Pope Francis’ call to end trolling on social media leads to more trolling

On the first day of Lent, a 40-day period of observance for many Catholics leading up to Easter, Pope Francis asked his constituents to give up cell phones, TVs, and “empty words” in trade for more time to “connect to the Gospel.”

Essentially, the religious leader, in his annual speech, told us all to do literally anything besides be perpetually online. 

“It is the time to give up useless words, chatter, rumors, gossip, and talk and to speak directly to the Lord,” the pope said Wednesday. “Today, people insult each other as if they were saying, ‘Good day.’”

Instead, he called on his followers to choose silence instead of contributing to a society already “polluted by too much verbal violence.”

The pope’s call to end trolling led to, well, trolling. 

ok boomer https://t.co/DEMTCkQvlx

— Stephen Herreid (@StephenHerreid) February 26, 2020

One might argue that this request from the Pope is, itself, trolling. https://t.co/EaidPX4Cnf

— Mike Masnick (@mmasnick) February 26, 2020

Users on Twitter speculated whether the pope’s words were in themselves a troll, and others went for the reliable generational insult: “OK, boomer.”

In 2013, when Pope Francis was announced to be the next leader of the Catholic Church, a plethora of headlines were written about his appeal to millennials. He seemed to be a character younger generations could connect with: He rode the bus to work, he called victims of violence on the phone, and was considered to be a vocal advocate for social justice. He even met Instagram CEO Kevin Systrom in Rome in 2016, solidifying his embrace of social media.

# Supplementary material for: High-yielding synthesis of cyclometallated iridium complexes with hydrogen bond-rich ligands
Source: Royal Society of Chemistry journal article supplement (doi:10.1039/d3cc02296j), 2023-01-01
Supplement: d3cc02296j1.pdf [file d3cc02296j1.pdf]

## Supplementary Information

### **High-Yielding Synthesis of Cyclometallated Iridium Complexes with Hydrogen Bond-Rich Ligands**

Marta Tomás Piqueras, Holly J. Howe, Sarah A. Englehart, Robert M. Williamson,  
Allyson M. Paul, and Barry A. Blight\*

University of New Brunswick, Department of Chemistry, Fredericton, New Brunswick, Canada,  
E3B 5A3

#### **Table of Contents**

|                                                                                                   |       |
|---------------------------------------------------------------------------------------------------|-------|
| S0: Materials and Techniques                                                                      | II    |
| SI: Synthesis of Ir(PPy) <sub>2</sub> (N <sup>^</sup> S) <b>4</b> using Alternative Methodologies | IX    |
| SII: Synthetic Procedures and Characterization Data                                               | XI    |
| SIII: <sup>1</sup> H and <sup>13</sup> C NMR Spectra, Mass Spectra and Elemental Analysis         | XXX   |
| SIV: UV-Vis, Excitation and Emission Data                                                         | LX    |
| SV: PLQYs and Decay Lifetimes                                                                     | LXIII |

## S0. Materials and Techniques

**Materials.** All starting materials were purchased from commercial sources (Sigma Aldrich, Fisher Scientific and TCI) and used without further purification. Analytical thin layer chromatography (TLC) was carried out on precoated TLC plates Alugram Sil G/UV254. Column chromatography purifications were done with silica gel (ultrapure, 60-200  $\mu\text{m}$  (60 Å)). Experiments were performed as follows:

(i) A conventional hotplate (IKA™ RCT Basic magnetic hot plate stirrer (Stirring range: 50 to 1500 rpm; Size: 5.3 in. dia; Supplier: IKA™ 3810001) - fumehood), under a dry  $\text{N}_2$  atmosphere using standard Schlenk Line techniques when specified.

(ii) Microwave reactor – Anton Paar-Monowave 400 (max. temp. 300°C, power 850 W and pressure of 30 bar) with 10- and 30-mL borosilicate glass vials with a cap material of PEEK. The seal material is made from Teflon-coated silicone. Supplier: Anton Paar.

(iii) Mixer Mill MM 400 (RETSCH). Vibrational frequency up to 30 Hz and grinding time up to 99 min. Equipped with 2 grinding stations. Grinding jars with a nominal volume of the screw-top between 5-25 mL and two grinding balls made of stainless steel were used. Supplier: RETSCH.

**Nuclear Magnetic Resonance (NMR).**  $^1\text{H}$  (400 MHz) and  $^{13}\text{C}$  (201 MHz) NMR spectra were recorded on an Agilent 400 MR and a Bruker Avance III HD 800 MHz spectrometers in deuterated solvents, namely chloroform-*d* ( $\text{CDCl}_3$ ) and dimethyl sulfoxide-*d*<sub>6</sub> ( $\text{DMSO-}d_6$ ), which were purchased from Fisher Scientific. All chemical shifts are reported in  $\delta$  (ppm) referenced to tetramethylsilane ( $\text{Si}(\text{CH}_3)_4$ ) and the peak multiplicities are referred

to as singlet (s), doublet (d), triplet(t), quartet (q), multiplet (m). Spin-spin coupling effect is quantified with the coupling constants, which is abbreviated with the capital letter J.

Savvapanf Photo / Shutterstock

But in recent years, the pope’s image has been used in memes mocking his policy, position, and facial expressions on Twitter, Facebook, and Instagram — which may be why his mood toward the platforms has since cooled. 

And Wednesday’s message is not the first the pope has made on the topic. In 2018, he released a papal document addressing “the toxicity of social media.” In the document, reported by Vox, he wrote people have the tendency to get “caught up in networks of verbal violence through the internet” resulting in “unacceptable” discourse where “people look to compensate for their own discontent by lashing out at others.”

However, the pope may be outnumbered when it comes to pressing the brakes on Twitter takedowns and incessant sharing of disinformation on Facebook. 

Currently, there are more than 2.3 billion users on Facebook alone — more than followers of Christianity, the largest religion. So, when comparing sheer numbers, don’t expect there to be much silence on social media during the next six weeks.

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